Robert Morris has comported himself for decades as the least minimal of the original minimalists. While sharing most of the core group’s characteristics — including the complementary artist/writer mode — he has in both word and deed proved more committed than the others to contingency and experimentation. Alternating, often abruptly, between cool objects and evocations of calamity, his artistic outlook remains — as the spot-on title of his collected writings suggests — a Continuous Project Altered Daily. Though no slouch when it comes to minimal severity, his thinking often drifts closer in sensibility to Robert Smithson’s macro riffing than to Donald Judd’s ideological finalities.
Minimalist theory made much of the viewer’s movement through space as part of what defined the sculptural. Morris, having come to this notion following a wider path of study than the others — a path that included engineering, art history, philosophy, and dance — found ways to follow intuitive offshoots that generated outward from minimalism’s basic premise. He took labyrinths and passageways, which were favored minimalist tropes, and superseded their phenomenological values with emotionally charged contexts that included prison architecture and Midwestern stockyards. Thus the jarring incongruence — to cite an extreme example — between his ascetic, process-oriented felt hangings of the 1970s and the apocalyptic Firestorm reliefs that soon followed. Keeping to a highly subjective route, he seems able to shuttle convincingly between the austere space of the artistically reductive and the emotionally charged arena of darker human experience, discovering along the way many disturbing links between the two.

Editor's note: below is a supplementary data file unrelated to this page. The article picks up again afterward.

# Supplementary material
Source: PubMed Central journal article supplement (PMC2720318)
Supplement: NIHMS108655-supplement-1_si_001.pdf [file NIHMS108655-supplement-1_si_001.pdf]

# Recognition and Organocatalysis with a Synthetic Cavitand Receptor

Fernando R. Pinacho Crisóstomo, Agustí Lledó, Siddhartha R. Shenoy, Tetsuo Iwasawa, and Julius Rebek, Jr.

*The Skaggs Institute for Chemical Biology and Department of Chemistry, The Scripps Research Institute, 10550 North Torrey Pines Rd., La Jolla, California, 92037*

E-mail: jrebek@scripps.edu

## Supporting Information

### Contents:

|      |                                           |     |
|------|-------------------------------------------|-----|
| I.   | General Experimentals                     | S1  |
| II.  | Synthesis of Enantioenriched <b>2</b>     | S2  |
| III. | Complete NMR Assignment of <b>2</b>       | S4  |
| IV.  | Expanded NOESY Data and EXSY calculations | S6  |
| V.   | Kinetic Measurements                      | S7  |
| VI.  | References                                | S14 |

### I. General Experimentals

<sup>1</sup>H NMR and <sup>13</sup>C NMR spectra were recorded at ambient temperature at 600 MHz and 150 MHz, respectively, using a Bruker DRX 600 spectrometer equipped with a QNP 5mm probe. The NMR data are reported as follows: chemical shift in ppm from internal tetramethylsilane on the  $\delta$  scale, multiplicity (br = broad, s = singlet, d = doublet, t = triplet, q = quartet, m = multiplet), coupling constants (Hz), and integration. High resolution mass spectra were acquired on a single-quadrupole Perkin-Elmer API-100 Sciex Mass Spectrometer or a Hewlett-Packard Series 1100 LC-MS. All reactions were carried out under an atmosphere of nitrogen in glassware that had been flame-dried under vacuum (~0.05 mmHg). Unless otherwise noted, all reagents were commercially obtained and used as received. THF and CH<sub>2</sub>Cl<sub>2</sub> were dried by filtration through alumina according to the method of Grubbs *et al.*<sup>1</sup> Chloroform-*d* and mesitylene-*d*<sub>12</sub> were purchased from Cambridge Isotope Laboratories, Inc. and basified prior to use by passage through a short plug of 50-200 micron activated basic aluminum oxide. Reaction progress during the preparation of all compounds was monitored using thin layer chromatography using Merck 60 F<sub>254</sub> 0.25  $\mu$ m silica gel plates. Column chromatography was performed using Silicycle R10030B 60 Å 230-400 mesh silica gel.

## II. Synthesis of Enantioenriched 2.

Still working in his 80s, Morris has a current show at Castelli Gallery that offers an unusual hybrid of understatement and deeply unsettling imagery. The gallery’s two modestly sized rooms host figures set in pairs, each made of resin-soaked linen drapery that once encased a model’s pose. In parsing the show’s Joyceian mouthful of a title, MOLTINGSEXOSKELETONSSHROUDS, a visitor will likely take note first of the reference to shrouds, as the faceless figures are reminiscent of the hooded specters in Samuel Beckett’s later plays.
Because the figures come in pairs, one presumes a relationship of some sort between them. Yet reading them so proves a mere introduction to the work’s complexity. A pairing called “Maybe They Won’t Find Out” sees a kneeling and despondent figure supported from behind by another half-kneeling figure, which gesticulates in an encouraging manner. Yet when viewing the pair from the other side, the arm that initially looked as if it were resting on the lower figure’s shoulder actually misses that shoulder entirely, instead extending carelessly outward, as if to brace for a fall. The bond one had assumed between the two figures breaks down . Both now appear blind and helpless.
The interpretation is then further complicated from a third line of sight. Looking head-on, the back figure’s hooded and therefore unseen head still suggests a person speaking or whispering to the lower figure. Yet from this same angle the lower figure is clearly an empty void, deflating one’s sense that there is any communication at all and disrupting any resolution to the piece’s conspiratorial title.